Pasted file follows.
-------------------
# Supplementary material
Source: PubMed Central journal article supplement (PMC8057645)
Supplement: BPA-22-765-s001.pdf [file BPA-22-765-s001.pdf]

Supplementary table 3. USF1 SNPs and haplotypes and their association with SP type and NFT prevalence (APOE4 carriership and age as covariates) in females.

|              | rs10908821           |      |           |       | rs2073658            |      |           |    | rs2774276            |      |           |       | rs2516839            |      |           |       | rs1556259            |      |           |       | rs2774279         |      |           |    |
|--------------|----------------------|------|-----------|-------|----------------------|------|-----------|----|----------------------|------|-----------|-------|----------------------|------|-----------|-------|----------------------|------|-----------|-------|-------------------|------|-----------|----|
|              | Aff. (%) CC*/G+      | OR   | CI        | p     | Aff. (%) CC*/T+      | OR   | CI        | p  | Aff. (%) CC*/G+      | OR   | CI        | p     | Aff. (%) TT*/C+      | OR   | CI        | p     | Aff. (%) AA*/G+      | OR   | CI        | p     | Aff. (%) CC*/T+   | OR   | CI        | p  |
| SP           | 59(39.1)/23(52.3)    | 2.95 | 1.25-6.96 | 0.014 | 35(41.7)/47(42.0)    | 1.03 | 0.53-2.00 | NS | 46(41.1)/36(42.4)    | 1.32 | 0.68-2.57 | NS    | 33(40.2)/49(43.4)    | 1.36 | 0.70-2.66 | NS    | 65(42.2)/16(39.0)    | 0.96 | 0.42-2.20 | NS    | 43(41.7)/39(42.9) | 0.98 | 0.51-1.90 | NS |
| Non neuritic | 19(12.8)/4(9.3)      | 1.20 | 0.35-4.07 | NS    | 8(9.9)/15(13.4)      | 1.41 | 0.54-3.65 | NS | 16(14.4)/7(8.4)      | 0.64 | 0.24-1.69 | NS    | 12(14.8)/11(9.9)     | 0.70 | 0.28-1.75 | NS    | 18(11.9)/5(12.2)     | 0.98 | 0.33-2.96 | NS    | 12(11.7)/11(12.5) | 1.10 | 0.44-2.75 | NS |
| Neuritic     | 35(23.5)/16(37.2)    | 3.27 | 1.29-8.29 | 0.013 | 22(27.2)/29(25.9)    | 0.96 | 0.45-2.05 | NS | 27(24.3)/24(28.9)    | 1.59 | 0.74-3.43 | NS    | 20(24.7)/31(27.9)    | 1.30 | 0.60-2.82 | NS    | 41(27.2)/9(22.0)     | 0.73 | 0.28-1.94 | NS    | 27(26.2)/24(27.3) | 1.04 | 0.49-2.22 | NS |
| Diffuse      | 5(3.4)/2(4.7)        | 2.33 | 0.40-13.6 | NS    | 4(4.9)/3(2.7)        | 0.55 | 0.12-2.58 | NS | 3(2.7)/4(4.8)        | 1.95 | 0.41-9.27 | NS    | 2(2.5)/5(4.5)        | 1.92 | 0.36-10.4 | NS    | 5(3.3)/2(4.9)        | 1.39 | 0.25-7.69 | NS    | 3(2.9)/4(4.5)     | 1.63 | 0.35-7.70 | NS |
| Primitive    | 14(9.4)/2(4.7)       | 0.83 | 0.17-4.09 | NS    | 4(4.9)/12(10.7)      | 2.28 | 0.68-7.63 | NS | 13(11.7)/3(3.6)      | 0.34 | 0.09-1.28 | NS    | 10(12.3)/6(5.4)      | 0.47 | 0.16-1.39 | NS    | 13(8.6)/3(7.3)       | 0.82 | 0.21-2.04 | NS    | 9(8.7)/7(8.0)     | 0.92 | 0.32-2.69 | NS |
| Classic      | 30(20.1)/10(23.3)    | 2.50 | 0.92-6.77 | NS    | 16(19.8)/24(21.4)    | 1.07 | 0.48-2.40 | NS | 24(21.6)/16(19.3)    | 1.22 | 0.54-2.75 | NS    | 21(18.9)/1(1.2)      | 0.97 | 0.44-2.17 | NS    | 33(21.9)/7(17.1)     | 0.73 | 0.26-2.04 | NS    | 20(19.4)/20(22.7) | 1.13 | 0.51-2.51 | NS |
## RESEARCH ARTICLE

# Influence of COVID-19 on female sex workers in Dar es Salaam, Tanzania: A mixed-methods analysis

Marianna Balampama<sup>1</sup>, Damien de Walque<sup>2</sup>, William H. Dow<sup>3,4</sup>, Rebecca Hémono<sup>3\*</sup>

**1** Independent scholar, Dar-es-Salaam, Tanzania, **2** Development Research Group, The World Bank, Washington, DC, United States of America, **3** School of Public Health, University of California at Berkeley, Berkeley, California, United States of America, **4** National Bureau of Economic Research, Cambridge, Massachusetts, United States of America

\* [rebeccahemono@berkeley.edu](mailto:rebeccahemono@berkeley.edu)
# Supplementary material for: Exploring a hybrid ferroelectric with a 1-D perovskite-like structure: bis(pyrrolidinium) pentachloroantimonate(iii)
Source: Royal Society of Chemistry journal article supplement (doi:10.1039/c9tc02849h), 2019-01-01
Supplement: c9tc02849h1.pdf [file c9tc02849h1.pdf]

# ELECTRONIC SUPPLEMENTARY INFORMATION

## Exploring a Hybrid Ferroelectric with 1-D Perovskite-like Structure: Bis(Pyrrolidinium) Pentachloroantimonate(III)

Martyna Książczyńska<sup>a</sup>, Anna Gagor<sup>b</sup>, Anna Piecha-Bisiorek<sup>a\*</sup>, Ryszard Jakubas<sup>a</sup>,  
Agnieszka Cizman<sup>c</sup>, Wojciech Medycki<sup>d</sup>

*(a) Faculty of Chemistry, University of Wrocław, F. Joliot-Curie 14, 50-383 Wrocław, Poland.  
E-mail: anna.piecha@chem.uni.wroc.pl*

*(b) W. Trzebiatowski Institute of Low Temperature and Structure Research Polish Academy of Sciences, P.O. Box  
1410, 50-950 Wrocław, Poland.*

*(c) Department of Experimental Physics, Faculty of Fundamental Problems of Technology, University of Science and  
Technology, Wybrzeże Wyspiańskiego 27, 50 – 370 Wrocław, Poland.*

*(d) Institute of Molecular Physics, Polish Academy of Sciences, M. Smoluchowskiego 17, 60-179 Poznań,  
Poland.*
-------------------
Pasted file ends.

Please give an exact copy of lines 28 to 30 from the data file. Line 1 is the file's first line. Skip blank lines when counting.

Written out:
*(b) W. Trzebiatowski Institute of Low Temperature and Structure Research Polish Academy of Sciences, P.O. Box  
1410, 50-950 Wrocław, Poland.*

*(c) Department of Experimental Physics, Faculty of Fundamental Problems of Technology, University of Science and  